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Tested: Oxford Junior disc lock review

Consumer Editor of Bennetts BikeSocial



Tested: Oxford Junior disc lock review
Tested: Oxford Junior disc lock review
Tested: Oxford Junior disc lock review
Tested: Oxford Junior disc lock review
Tested: Oxford Junior disc lock review
Tested: Oxford Junior disc lock review


Date reviewed: August 2019| Tested by: John Milbank | Price: £19.99 | Weight: 0.259kg |


The Oxford Junior disc lock is the smallest security device we’ve ever had on review here at BikeSocial. It’s made of zinc alloy with a hardened steel locking pin that’s 5mm in diameter, making it fit the small ventilation holes on most scooters’ brake discs, which often struggle to accept a larger motorcycle-specific disc lock or a mini-U lock.

The Junior will also fit most motorcycles, and while we’d always recommend care when putting anything in your pockets while riding, this Oxford lock is so small that there really is no excuse not to always have it with you.

It’s supplied with a warning sticker and a plastic plug that you can poke into your ignition, to remind you that the lock is fitted and avoid riding away, potentially damaging your machine if it’s not removed.


Tested: Oxford Junior disc lock review


Size and weight

This really is a tiny lock, weighing in at just 259g. Besides being easy to store under even the most compact bike seat, it’ll tuck out of the way on a brake disc on the majority of scooters and motorcycles.


Ease of use

Turn the key in the barrel and it pops open – you can then remove the key, pop the lock over your disc and simply press the mechanism down to secure it. It couldn’t be simpler, but as with any lock we’d recommend trying to fit it somewhere as inaccessible as possible – the trickier it is for you to fit and remove, the harder it is for a criminal to attack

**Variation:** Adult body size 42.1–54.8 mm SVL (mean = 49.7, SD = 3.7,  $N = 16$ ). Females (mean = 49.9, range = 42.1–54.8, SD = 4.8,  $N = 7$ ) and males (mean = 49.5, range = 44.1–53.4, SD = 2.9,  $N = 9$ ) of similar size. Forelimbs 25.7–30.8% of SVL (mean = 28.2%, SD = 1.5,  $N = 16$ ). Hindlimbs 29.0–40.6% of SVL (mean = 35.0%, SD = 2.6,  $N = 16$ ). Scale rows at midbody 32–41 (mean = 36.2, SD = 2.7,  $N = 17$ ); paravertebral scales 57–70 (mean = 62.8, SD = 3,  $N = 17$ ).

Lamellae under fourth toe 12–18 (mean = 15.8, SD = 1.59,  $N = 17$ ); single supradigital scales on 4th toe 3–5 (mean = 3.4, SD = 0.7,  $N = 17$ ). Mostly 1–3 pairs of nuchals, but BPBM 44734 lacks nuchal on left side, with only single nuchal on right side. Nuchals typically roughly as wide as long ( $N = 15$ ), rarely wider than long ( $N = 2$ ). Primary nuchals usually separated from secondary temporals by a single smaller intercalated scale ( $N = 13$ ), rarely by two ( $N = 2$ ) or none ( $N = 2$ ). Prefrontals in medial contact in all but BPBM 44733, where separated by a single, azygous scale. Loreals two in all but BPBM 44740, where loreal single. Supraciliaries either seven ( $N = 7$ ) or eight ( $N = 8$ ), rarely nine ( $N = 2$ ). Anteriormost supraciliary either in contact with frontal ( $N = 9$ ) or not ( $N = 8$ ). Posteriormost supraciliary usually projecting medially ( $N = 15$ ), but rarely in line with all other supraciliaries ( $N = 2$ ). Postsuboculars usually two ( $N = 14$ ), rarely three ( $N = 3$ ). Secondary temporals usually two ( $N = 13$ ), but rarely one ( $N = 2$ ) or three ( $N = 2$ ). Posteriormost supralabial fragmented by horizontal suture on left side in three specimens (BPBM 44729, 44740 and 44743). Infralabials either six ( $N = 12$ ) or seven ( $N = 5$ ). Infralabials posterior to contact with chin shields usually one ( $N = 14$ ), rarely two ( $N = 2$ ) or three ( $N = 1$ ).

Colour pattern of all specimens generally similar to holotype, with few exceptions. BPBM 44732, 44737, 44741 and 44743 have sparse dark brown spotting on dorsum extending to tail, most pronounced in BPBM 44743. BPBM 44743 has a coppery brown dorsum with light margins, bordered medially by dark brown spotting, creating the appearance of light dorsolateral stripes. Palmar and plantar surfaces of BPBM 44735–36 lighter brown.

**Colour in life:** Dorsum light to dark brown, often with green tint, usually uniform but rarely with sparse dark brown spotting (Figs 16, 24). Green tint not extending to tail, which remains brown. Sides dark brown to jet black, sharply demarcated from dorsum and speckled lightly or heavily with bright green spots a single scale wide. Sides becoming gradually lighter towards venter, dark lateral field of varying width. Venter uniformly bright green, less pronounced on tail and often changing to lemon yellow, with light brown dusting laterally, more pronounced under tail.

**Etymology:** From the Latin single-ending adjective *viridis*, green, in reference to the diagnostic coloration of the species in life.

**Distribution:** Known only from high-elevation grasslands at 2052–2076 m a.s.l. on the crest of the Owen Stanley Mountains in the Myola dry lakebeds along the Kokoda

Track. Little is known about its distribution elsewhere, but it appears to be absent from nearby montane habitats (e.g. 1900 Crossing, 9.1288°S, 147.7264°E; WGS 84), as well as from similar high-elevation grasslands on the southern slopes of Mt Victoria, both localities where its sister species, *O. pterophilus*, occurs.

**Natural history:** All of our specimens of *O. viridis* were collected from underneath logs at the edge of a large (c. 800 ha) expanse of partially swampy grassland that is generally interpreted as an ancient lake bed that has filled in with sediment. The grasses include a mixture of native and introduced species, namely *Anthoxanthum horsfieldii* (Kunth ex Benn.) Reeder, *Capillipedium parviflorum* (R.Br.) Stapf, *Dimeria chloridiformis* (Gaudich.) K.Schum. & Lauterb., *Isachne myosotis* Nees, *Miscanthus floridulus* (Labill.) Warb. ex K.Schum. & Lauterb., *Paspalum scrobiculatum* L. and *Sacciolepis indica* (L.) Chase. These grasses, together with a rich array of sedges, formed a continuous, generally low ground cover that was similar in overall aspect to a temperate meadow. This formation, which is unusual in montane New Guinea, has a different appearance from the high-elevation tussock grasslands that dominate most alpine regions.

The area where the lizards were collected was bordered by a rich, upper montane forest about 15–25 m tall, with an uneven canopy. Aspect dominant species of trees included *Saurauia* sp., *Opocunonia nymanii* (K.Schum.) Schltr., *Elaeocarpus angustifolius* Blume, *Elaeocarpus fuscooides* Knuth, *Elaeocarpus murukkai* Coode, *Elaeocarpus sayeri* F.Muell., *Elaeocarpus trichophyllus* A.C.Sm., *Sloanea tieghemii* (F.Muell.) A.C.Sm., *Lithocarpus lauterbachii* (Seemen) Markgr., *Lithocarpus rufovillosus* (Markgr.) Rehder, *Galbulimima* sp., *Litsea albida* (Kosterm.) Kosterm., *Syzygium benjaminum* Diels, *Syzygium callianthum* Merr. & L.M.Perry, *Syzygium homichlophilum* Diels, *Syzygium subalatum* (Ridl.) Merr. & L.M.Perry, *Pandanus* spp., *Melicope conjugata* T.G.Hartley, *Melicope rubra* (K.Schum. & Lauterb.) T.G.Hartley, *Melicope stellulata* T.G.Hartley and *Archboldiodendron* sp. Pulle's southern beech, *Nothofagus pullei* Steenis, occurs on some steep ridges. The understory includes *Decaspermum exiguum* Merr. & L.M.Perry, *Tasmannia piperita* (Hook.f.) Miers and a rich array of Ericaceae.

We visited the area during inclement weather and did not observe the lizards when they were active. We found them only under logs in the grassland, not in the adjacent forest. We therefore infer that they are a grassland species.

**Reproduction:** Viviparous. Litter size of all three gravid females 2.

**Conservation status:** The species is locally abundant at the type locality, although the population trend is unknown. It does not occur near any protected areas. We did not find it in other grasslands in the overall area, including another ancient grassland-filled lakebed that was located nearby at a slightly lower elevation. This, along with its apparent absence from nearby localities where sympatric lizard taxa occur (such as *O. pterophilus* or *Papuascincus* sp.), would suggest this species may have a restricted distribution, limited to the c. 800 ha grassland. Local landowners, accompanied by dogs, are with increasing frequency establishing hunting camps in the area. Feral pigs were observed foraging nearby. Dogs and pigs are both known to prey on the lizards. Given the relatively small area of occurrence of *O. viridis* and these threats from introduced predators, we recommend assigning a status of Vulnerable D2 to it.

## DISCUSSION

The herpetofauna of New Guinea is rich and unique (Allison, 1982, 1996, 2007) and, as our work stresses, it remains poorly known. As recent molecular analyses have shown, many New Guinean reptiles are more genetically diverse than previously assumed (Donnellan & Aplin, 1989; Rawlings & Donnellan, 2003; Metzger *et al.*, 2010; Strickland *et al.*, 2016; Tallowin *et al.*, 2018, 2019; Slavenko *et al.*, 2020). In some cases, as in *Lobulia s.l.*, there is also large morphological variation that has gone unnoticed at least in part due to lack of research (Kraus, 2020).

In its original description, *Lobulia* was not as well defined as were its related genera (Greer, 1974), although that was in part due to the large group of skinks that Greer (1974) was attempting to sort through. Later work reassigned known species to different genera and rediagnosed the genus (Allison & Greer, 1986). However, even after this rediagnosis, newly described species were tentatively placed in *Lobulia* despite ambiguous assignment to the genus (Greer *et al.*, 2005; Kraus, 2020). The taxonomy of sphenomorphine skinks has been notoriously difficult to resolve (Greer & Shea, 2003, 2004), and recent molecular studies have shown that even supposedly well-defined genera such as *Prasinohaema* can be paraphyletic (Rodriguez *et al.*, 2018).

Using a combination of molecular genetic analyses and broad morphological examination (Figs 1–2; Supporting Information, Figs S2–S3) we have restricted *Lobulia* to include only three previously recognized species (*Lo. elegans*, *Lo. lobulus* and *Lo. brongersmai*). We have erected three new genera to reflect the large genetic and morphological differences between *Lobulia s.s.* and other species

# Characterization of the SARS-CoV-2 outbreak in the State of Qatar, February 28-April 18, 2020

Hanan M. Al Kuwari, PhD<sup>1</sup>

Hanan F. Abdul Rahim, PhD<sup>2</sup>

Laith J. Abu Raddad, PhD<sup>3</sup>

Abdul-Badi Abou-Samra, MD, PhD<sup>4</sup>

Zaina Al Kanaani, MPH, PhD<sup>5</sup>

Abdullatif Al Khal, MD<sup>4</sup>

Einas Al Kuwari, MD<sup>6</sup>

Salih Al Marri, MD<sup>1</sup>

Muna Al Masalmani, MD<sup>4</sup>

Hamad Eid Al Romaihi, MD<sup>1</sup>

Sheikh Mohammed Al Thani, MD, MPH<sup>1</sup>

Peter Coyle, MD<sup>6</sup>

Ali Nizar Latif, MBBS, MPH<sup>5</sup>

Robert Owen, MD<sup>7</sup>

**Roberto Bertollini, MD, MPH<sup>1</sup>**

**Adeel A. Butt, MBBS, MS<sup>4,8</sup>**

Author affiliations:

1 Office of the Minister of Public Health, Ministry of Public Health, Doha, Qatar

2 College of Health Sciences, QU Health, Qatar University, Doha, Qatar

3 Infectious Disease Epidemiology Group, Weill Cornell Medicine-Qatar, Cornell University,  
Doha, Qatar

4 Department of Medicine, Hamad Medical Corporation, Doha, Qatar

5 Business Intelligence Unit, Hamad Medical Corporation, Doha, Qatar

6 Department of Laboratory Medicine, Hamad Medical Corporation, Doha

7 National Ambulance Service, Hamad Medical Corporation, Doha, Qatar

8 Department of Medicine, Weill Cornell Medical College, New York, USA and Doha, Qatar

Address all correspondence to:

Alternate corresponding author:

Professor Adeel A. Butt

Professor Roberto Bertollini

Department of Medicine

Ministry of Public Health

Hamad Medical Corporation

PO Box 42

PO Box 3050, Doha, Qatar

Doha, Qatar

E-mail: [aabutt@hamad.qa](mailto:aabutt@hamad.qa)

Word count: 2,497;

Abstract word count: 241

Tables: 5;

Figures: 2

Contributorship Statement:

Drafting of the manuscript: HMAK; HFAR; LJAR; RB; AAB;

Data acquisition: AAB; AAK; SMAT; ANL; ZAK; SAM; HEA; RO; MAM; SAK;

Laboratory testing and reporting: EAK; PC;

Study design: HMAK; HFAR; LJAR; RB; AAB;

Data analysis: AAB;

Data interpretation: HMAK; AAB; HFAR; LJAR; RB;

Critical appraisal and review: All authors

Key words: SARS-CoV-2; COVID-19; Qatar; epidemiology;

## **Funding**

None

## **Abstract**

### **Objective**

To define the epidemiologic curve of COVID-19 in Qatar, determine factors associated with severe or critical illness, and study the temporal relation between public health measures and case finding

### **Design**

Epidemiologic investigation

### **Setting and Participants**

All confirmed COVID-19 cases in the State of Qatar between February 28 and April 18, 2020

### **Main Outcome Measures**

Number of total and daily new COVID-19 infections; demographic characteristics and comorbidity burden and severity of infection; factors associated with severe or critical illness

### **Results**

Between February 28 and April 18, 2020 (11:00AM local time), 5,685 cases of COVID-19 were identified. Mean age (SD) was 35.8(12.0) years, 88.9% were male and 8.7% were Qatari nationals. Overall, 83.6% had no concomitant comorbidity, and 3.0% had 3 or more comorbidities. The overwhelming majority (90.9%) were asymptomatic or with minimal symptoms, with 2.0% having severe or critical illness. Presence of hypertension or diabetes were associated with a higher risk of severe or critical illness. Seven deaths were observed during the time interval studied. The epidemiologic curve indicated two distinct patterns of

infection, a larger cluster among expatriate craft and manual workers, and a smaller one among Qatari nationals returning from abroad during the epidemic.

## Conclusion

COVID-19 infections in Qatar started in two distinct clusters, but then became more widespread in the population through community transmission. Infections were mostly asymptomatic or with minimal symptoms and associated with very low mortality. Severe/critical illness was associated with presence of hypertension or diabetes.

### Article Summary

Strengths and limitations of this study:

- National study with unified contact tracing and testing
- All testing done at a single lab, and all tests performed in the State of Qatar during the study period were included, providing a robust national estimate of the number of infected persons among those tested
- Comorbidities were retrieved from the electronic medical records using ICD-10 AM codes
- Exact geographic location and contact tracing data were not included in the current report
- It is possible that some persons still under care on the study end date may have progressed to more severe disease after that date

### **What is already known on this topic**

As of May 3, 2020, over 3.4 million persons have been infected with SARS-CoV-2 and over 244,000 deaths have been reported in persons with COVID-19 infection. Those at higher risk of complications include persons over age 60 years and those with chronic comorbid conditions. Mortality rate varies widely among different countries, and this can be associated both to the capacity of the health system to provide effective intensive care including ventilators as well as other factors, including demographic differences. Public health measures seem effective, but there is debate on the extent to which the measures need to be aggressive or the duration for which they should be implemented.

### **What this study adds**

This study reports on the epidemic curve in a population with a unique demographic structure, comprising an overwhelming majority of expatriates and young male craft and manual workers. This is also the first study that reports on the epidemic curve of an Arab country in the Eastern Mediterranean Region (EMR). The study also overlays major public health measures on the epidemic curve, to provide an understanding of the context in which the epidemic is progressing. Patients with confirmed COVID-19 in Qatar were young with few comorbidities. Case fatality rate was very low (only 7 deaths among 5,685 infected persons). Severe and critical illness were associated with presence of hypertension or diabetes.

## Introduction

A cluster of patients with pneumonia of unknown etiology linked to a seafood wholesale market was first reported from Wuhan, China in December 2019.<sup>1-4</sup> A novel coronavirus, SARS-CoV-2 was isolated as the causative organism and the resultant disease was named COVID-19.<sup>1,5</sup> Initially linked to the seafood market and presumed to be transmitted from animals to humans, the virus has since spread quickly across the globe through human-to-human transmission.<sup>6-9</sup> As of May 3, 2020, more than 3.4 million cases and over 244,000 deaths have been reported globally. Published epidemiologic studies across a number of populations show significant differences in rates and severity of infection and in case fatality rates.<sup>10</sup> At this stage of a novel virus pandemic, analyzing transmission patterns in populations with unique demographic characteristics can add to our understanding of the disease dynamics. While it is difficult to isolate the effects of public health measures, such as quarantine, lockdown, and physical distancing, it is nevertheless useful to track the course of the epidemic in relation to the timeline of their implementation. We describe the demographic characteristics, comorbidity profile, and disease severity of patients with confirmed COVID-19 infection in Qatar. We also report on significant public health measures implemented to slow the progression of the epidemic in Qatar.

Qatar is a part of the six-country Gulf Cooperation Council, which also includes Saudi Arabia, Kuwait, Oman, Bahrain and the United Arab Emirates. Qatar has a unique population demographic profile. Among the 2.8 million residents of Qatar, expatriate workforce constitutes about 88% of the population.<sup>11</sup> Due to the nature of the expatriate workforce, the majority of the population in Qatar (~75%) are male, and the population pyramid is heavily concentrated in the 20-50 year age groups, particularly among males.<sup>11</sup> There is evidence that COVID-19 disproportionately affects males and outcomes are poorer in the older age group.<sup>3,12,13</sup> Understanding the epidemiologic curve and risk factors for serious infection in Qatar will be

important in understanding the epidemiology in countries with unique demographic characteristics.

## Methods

Resistance to attack

It’d be foolish to expect the highest levels of resistance to attack by a knowledgeable and tooled-up criminal, but the Oxford Junior is surprisingly strong. A pry bar attack is fairly quiet, and while it will defeat this small lock – cracking it at the bend in the body – it takes real force and a good angle is required to get the leverage; if you can position the lock between suspension and brake parts for instance, it’ll be much harder to attack (assuming the machine can’t be rolled to gain easier access).

Equally, a lump hammer will show the limitations of the small locking pin required for scooter-compatible disc locks, but it takes several good strikes; fit it thoughtfully and a crook won’t be able to get the necessary swing.

An angle grinder will of course go through the body of the lock, but this is noisy and even if you had a larger lock, crooks will cut through the disk if they think it’s easier. Angle grinders are used, but they’re not as common as Facebook would make you fear.



This is not the strongest way to lock you bike, but equally, while it is the smallest device we’ve tested, it’s certainly not the weakest.

No disc lock will stop a scooter or motorcycle being lifted into a van, but one of the biggest problems currently is machines having their steering locks snapped (it’s easy) and then being pushed away, usually by a second crook on a scooter. A disc lock provides a simple level of protection that will see criminals look elsewhere before committing to a tooled-up crime. Add a cover and your powered two-wheeler becomes even less of as target.

The most secure way to lock any bike is with a decent chain and lock – you can read our reviews here. But the best lock is the one you have with you; the one you always use. The Oxford Junior should be considered a minimum, but like other devices, it’s a lot better than using no security.


Big thanks to Piaggio and repair/claims specialist 4th Dimension for supplying parts that allowed us to carry out real-world testing. Both are companies who, among others in the moped, scooter and motorcycle industry, are passionate about reducing crime.


To see the more security kit tested by BikeSocial, click here



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